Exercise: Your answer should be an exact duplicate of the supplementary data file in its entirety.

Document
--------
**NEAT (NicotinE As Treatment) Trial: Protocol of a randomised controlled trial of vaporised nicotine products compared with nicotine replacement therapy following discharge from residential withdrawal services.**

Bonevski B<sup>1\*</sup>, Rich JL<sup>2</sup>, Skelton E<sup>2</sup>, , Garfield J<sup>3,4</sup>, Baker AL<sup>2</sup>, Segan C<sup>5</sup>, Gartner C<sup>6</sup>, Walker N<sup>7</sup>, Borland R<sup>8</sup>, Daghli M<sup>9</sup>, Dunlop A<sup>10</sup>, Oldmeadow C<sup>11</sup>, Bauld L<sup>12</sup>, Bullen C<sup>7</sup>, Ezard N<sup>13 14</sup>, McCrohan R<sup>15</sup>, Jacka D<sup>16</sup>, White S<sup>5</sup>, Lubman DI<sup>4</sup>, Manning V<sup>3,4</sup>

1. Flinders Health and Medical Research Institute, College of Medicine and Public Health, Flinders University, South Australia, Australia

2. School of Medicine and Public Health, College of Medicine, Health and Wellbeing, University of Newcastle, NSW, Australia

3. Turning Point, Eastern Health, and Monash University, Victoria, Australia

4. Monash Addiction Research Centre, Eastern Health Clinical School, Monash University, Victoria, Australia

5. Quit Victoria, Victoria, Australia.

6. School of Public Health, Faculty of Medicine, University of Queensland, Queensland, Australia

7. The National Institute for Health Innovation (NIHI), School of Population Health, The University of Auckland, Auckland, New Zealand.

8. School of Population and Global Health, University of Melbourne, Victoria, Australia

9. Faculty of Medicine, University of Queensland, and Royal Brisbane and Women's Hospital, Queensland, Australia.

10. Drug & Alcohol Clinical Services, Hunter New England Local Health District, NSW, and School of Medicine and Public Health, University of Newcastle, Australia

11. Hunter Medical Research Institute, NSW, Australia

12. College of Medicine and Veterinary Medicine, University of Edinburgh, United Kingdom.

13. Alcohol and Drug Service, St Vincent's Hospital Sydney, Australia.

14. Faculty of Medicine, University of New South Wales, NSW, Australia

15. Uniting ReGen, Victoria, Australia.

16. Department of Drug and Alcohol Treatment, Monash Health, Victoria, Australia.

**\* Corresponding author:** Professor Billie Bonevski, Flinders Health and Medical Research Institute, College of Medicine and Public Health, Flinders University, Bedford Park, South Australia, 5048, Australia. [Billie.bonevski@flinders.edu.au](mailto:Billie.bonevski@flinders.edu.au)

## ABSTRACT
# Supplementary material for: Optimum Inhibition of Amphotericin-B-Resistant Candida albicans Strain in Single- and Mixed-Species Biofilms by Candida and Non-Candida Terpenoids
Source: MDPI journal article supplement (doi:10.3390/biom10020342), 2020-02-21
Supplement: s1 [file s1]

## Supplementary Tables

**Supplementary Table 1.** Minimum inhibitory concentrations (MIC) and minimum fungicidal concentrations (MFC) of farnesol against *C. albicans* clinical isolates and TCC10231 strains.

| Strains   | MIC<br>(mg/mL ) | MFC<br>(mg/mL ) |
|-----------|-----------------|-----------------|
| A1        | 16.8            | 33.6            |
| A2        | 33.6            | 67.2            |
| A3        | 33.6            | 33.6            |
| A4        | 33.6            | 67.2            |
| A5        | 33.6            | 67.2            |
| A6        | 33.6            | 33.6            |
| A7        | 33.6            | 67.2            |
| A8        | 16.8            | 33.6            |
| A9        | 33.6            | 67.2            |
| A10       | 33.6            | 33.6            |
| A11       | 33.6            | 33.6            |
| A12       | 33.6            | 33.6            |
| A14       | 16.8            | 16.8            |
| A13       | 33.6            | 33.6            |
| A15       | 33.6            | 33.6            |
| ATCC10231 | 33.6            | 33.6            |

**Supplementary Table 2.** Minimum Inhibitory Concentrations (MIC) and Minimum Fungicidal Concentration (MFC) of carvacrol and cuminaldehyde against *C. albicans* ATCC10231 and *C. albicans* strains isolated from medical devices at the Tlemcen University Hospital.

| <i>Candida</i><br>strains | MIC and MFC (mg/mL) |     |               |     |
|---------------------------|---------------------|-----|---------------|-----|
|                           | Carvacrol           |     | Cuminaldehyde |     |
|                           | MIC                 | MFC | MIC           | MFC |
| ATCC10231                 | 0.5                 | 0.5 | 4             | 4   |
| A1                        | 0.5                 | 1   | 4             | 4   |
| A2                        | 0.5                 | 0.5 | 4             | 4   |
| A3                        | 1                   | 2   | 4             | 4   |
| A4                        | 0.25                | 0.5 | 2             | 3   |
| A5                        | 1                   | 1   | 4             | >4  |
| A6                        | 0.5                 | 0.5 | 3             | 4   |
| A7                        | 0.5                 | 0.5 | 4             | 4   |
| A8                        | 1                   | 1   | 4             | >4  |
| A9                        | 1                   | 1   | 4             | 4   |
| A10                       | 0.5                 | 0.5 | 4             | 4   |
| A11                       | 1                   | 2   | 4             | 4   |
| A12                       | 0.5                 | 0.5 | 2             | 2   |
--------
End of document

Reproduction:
**NEAT (NicotinE As Treatment) Trial: Protocol of a randomised controlled trial of vaporised nicotine products compared with nicotine replacement therapy following discharge from residential withdrawal services.**

Bonevski B<sup>1\*</sup>, Rich JL<sup>2</sup>, Skelton E<sup>2</sup>, , Garfield J<sup>3,4</sup>, Baker AL<sup>2</sup>, Segan C<sup>5</sup>, Gartner C<sup>6</sup>, Walker N<sup>7</sup>, Borland R<sup>8</sup>, Daghli M<sup>9</sup>, Dunlop A<sup>10</sup>, Oldmeadow C<sup>11</sup>, Bauld L<sup>12</sup>, Bullen C<sup>7</sup>, Ezard N<sup>13 14</sup>, McCrohan R<sup>15</sup>, Jacka D<sup>16</sup>, White S<sup>5</sup>, Lubman DI<sup>4</sup>, Manning V<sup>3,4</sup>

1. Flinders Health and Medical Research Institute, College of Medicine and Public Health, Flinders University, South Australia, Australia

2. School of Medicine and Public Health, College of Medicine, Health and Wellbeing, University of Newcastle, NSW, Australia

3. Turning Point, Eastern Health, and Monash University, Victoria, Australia

4. Monash Addiction Research Centre, Eastern Health Clinical School, Monash University, Victoria, Australia

5. Quit Victoria, Victoria, Australia.

6. School of Public Health, Faculty of Medicine, University of Queensland, Queensland, Australia

7. The National Institute for Health Innovation (NIHI), School of Population Health, The University of Auckland, Auckland, New Zealand.

8. School of Population and Global Health, University of Melbourne, Victoria, Australia

9. Faculty of Medicine, University of Queensland, and Royal Brisbane and Women's Hospital, Queensland, Australia.

10. Drug & Alcohol Clinical Services, Hunter New England Local Health District, NSW, and School of Medicine and Public Health, University of Newcastle, Australia

11. Hunter Medical Research Institute, NSW, Australia

12. College of Medicine and Veterinary Medicine, University of Edinburgh, United Kingdom.

13. Alcohol and Drug Service, St Vincent's Hospital Sydney, Australia.

14. Faculty of Medicine, University of New South Wales, NSW, Australia

15. Uniting ReGen, Victoria, Australia.

16. Department of Drug and Alcohol Treatment, Monash Health, Victoria, Australia.

**\* Corresponding author:** Professor Billie Bonevski, Flinders Health and Medical Research Institute, College of Medicine and Public Health, Flinders University, Bedford Park, South Australia, 5048, Australia. [Billie.bonevski@flinders.edu.au](mailto:Billie.bonevski@flinders.edu.au)

## ABSTRACT
# Supplementary material for: Optimum Inhibition of Amphotericin-B-Resistant Candida albicans Strain in Single- and Mixed-Species Biofilms by Candida and Non-Candida Terpenoids
Source: MDPI journal article supplement (doi:10.3390/biom10020342), 2020-02-21
Supplement: s1 [file s1]

## Supplementary Tables

**Supplementary Table 1.** Minimum inhibitory concentrations (MIC) and minimum fungicidal concentrations (MFC) of farnesol against *C. albicans* clinical isolates and TCC10231 strains.

| Strains   | MIC<br>(mg/mL ) | MFC<br>(mg/mL ) |
|-----------|-----------------|-----------------|
| A1        | 16.8            | 33.6            |
| A2        | 33.6            | 67.2            |
| A3        | 33.6            | 33.6            |
| A4        | 33.6            | 67.2            |
| A5        | 33.6            | 67.2            |
| A6        | 33.6            | 33.6            |
| A7        | 33.6            | 67.2            |
| A8        | 16.8            | 33.6            |
| A9        | 33.6            | 67.2            |
| A10       | 33.6            | 33.6            |
| A11       | 33.6            | 33.6            |
| A12       | 33.6            | 33.6            |
| A14       | 16.8            | 16.8            |
| A13       | 33.6            | 33.6            |
| A15       | 33.6            | 33.6            |
| ATCC10231 | 33.6            | 33.6            |

**Supplementary Table 2.** Minimum Inhibitory Concentrations (MIC) and Minimum Fungicidal Concentration (MFC) of carvacrol and cuminaldehyde against *C. albicans* ATCC10231 and *C. albicans* strains isolated from medical devices at the Tlemcen University Hospital.

| <i>Candida</i><br>strains | MIC and MFC (mg/mL) |     |               |     |
|---------------------------|---------------------|-----|---------------|-----|
|                           | Carvacrol           |     | Cuminaldehyde |     |
|                           | MIC                 | MFC | MIC           | MFC |
| ATCC10231                 | 0.5                 | 0.5 | 4             | 4   |
| A1                        | 0.5                 | 1   | 4             | 4   |
| A2                        | 0.5                 | 0.5 | 4             | 4   |
| A3                        | 1                   | 2   | 4             | 4   |
| A4                        | 0.25                | 0.5 | 2             | 3   |
| A5                        | 1                   | 1   | 4             | >4  |
| A6                        | 0.5                 | 0.5 | 3             | 4   |
| A7                        | 0.5                 | 0.5 | 4             | 4   |
| A8                        | 1                   | 1   | 4             | >4  |
| A9                        | 1                   | 1   | 4             | 4   |
| A10                       | 0.5                 | 0.5 | 4             | 4   |
| A11                       | 1                   | 2   | 4             | 4   |
| A12                       | 0.5                 | 0.5 | 2             | 2   |